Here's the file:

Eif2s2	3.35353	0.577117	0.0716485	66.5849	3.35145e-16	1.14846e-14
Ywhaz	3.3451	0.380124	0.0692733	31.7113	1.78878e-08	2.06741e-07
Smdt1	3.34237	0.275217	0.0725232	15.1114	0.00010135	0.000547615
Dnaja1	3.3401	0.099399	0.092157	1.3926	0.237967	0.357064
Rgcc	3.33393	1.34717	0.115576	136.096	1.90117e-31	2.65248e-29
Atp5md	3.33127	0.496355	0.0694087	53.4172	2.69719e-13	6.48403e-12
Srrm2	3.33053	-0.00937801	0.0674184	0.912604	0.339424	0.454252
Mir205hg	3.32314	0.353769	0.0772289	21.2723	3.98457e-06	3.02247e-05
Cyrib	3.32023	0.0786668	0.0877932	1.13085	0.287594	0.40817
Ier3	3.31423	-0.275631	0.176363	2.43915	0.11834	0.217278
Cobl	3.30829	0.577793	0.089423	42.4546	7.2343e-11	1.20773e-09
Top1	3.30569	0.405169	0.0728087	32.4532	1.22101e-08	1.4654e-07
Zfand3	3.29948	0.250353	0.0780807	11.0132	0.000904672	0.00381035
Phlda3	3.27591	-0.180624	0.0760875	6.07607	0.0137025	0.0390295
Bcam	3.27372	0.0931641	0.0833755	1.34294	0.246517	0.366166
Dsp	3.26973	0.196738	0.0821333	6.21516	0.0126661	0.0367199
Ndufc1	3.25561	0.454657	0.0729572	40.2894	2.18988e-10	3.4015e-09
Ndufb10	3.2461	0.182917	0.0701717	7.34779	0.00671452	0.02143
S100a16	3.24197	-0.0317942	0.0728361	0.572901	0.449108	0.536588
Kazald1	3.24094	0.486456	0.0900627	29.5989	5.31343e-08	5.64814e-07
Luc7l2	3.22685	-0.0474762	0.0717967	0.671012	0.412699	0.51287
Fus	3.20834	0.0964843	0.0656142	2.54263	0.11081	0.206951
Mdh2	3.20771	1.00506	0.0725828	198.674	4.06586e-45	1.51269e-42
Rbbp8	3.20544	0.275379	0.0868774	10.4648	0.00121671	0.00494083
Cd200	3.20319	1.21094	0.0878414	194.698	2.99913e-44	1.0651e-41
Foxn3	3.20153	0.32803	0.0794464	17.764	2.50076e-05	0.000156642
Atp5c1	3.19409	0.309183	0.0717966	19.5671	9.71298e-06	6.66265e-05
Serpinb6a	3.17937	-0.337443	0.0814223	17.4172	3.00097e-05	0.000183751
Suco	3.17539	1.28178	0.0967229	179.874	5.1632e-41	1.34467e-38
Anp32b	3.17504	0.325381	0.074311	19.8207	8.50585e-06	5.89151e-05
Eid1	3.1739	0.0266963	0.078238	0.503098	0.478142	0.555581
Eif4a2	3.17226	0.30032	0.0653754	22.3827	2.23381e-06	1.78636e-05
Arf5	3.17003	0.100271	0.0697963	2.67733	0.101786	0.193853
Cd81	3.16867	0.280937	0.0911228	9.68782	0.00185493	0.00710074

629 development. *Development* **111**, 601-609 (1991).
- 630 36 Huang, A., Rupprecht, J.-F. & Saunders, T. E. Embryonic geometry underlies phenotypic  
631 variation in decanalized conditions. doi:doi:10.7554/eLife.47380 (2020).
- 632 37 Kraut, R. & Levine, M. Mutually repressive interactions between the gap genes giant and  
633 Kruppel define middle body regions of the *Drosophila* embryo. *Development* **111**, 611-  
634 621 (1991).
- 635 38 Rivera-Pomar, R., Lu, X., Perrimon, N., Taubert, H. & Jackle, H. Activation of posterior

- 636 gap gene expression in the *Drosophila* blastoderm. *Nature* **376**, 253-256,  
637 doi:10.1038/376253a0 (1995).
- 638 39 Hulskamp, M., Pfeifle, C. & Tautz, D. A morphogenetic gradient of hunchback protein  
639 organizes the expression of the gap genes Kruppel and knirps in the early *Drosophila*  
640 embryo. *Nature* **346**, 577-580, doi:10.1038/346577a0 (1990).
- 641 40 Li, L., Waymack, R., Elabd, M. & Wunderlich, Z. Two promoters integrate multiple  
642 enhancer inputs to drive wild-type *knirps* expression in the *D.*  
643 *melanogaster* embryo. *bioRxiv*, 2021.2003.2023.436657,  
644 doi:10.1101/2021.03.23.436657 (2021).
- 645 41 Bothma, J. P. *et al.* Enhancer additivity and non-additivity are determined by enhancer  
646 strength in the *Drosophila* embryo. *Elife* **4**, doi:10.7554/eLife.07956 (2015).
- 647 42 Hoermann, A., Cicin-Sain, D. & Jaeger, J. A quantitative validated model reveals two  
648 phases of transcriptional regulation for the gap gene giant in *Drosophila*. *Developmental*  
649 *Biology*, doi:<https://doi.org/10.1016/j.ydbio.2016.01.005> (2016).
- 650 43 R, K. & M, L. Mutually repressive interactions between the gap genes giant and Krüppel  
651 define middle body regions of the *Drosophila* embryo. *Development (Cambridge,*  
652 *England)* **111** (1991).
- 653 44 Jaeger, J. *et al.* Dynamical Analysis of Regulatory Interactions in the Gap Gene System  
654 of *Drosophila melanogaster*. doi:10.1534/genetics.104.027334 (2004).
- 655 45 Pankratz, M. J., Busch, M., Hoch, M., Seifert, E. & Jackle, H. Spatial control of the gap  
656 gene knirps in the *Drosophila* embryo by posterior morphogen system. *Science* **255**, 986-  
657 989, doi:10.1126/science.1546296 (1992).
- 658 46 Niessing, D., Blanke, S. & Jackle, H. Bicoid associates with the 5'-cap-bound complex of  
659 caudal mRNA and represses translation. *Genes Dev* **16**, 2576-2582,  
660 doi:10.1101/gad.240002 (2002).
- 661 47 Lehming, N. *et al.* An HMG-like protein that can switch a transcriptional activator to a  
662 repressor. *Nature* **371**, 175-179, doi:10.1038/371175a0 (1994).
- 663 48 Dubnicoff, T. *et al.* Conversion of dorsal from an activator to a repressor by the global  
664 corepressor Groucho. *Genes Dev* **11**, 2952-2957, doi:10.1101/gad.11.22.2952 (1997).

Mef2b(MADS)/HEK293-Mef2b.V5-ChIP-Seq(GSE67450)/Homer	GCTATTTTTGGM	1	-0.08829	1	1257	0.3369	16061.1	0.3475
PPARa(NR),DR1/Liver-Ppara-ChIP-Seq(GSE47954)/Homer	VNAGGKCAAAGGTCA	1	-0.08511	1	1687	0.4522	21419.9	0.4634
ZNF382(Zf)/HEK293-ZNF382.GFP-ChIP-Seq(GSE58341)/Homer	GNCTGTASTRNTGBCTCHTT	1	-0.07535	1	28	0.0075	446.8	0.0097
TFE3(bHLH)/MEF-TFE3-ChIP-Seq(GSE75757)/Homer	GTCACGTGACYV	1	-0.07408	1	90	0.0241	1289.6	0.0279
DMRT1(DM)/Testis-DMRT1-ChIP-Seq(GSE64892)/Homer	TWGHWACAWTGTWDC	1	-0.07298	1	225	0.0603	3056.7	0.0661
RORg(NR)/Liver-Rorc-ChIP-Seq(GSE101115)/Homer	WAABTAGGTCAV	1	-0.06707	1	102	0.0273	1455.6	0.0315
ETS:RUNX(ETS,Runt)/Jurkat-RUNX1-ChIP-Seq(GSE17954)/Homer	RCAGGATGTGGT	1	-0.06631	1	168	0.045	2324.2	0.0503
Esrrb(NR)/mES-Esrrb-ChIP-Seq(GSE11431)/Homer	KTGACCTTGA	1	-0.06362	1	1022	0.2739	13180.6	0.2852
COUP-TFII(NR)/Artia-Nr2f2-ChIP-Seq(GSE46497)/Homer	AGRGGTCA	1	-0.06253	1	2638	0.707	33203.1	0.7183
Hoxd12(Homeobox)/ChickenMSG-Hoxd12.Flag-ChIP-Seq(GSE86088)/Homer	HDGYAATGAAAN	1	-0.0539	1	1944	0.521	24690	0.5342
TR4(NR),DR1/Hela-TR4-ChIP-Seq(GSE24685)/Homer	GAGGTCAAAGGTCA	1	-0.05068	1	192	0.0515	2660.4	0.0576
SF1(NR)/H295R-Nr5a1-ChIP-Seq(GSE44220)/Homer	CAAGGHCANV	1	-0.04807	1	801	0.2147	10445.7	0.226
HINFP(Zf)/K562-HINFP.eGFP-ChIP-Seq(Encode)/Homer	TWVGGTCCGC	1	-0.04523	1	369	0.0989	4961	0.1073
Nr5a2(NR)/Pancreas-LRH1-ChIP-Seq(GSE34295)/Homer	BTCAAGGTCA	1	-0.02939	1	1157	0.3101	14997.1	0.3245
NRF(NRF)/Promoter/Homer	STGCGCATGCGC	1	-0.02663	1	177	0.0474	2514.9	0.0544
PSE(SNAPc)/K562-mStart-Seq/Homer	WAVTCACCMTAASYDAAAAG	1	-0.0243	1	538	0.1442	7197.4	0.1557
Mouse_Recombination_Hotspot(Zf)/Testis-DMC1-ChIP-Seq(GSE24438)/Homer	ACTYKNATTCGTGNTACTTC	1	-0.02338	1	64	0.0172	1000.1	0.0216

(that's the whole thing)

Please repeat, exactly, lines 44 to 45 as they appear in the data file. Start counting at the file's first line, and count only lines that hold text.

- 638 39 Hulskamp, M., Pfeifle, C. & Tautz, D. A morphogenetic gradient of hunchback protein  
639 organizes the expression of the gap genes Kruppel and knirps in the early *Drosophila*  